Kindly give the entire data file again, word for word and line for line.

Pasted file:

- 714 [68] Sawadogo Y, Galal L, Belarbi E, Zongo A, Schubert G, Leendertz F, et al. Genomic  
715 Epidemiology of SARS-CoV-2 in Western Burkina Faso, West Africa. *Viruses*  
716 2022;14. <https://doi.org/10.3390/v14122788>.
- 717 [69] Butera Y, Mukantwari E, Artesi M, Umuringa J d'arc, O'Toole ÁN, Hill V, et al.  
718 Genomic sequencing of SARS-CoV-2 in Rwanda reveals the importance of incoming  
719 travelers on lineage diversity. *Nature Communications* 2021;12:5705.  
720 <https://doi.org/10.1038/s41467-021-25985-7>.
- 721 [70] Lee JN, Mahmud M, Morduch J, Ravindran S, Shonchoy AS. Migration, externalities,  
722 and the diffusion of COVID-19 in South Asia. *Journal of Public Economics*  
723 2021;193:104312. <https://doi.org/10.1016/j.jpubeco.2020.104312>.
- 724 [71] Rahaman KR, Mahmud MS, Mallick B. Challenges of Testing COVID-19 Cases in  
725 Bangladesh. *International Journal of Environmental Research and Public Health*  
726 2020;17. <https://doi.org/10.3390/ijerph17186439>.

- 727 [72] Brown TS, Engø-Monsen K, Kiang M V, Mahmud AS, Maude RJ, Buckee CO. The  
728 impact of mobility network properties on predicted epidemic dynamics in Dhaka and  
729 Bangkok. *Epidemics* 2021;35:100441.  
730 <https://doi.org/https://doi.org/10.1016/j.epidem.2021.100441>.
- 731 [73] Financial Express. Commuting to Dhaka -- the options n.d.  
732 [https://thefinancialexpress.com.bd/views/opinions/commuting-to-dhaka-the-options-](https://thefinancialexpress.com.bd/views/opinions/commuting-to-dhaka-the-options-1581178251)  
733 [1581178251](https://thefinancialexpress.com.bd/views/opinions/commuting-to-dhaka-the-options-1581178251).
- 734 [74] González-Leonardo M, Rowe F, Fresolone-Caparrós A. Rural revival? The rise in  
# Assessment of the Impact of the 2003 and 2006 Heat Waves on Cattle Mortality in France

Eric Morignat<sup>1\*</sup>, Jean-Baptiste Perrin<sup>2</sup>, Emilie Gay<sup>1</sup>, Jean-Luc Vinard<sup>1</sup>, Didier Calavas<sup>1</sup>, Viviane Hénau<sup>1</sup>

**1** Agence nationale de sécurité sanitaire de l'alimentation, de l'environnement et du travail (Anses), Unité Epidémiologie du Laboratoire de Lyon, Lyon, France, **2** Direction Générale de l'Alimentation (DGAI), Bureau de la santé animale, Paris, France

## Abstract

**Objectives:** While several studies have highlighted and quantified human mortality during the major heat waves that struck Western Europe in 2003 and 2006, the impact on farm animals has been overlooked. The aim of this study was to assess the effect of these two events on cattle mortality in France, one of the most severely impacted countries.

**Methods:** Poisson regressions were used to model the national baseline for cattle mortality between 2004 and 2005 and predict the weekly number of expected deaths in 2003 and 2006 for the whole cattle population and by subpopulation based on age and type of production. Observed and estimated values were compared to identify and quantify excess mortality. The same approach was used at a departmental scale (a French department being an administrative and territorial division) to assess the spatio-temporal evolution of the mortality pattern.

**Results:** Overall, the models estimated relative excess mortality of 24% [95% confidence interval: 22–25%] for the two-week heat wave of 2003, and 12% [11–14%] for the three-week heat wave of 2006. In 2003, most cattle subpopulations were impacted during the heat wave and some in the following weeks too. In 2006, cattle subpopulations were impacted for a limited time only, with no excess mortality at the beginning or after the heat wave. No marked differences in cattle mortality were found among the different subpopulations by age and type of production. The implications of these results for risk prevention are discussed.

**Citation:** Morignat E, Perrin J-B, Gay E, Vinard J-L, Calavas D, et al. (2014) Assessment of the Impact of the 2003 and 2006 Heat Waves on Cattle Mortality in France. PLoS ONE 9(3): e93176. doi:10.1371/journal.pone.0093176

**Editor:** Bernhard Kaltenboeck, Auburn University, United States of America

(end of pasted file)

- 714 [68] Sawadogo Y, Galal L, Belarbi E, Zongo A, Schubert G, Leendertz F, et al. Genomic  
715 Epidemiology of SARS-CoV-2 in Western Burkina Faso, West Africa. *Viruses*  
716 2022;14. <https://doi.org/10.3390/v14122788>.
- 717 [69] Butera Y, Mukantwari E, Artesi M, Umuringa J d'arc, O'Toole ÁN, Hill V, et al.  
718 Genomic sequencing of SARS-CoV-2 in Rwanda reveals the importance of incoming  
719 travelers on lineage diversity. *Nature Communications* 2021;12:5705.  
720 <https://doi.org/10.1038/s41467-021-25985-7>.
- 721 [70] Lee JN, Mahmud M, Morduch J, Ravindran S, Shonchoy AS. Migration, externalities,  
722 and the diffusion of COVID-19 in South Asia. *Journal of Public Economics*  
723 2021;193:104312. <https://doi.org/10.1016/j.jpubeco.2020.104312>.
- 724 [71] Rahaman KR, Mahmud MS, Mallick B. Challenges of Testing COVID-19 Cases in  
725 Bangladesh. *International Journal of Environmental Research and Public Health*  
726 2020;17. <https://doi.org/10.3390/ijerph17186439>.

- 727 [72] Brown TS, Engø-Monsen K, Kiang M V, Mahmud AS, Maude RJ, Buckee CO. The  
728 impact of mobility network properties on predicted epidemic dynamics in Dhaka and  
729 Bangkok. *Epidemics* 2021;35:100441.  
730 <https://doi.org/https://doi.org/10.1016/j.epidem.2021.100441>.
- 731 [73] Financial Express. Commuting to Dhaka -- the options n.d.  
732 [https://thefinancialexpress.com.bd/views/opinions/commuting-to-dhaka-the-options-](https://thefinancialexpress.com.bd/views/opinions/commuting-to-dhaka-the-options-1581178251)  
733 [1581178251](https://thefinancialexpress.com.bd/views/opinions/commuting-to-dhaka-the-options-1581178251).
- 734 [74] González-Leonardo M, Rowe F, Fresolone-Caparrós A. Rural revival? The rise in  
# Assessment of the Impact of the 2003 and 2006 Heat Waves on Cattle Mortality in France

Eric Morignat<sup>1\*</sup>, Jean-Baptiste Perrin<sup>2</sup>, Emilie Gay<sup>1</sup>, Jean-Luc Vinard<sup>1</sup>, Didier Calavas<sup>1</sup>, Viviane Hénau<sup>1</sup>

**1** Agence nationale de sécurité sanitaire de l'alimentation, de l'environnement et du travail (Anses), Unité Epidémiologie du Laboratoire de Lyon, Lyon, France, **2** Direction Générale de l'Alimentation (DGAI), Bureau de la santé animale, Paris, France

## Abstract

**Objectives:** While several studies have highlighted and quantified human mortality during the major heat waves that struck Western Europe in 2003 and 2006, the impact on farm animals has been overlooked. The aim of this study was to assess the effect of these two events on cattle mortality in France, one of the most severely impacted countries.

**Methods:** Poisson regressions were used to model the national baseline for cattle mortality between 2004 and 2005 and predict the weekly number of expected deaths in 2003 and 2006 for the whole cattle population and by subpopulation based on age and type of production. Observed and estimated values were compared to identify and quantify excess mortality. The same approach was used at a departmental scale (a French department being an administrative and territorial division) to assess the spatio-temporal evolution of the mortality pattern.

**Results:** Overall, the models estimated relative excess mortality of 24% [95% confidence interval: 22–25%] for the two-week heat wave of 2003, and 12% [11–14%] for the three-week heat wave of 2006. In 2003, most cattle subpopulations were impacted during the heat wave and some in the following weeks too. In 2006, cattle subpopulations were impacted for a limited time only, with no excess mortality at the beginning or after the heat wave. No marked differences in cattle mortality were found among the different subpopulations by age and type of production. The implications of these results for risk prevention are discussed.

**Citation:** Morignat E, Perrin J-B, Gay E, Vinard J-L, Calavas D, et al. (2014) Assessment of the Impact of the 2003 and 2006 Heat Waves on Cattle Mortality in France. PLoS ONE 9(3): e93176. doi:10.1371/journal.pone.0093176

**Editor:** Bernhard Kaltenboeck, Auburn University, United States of America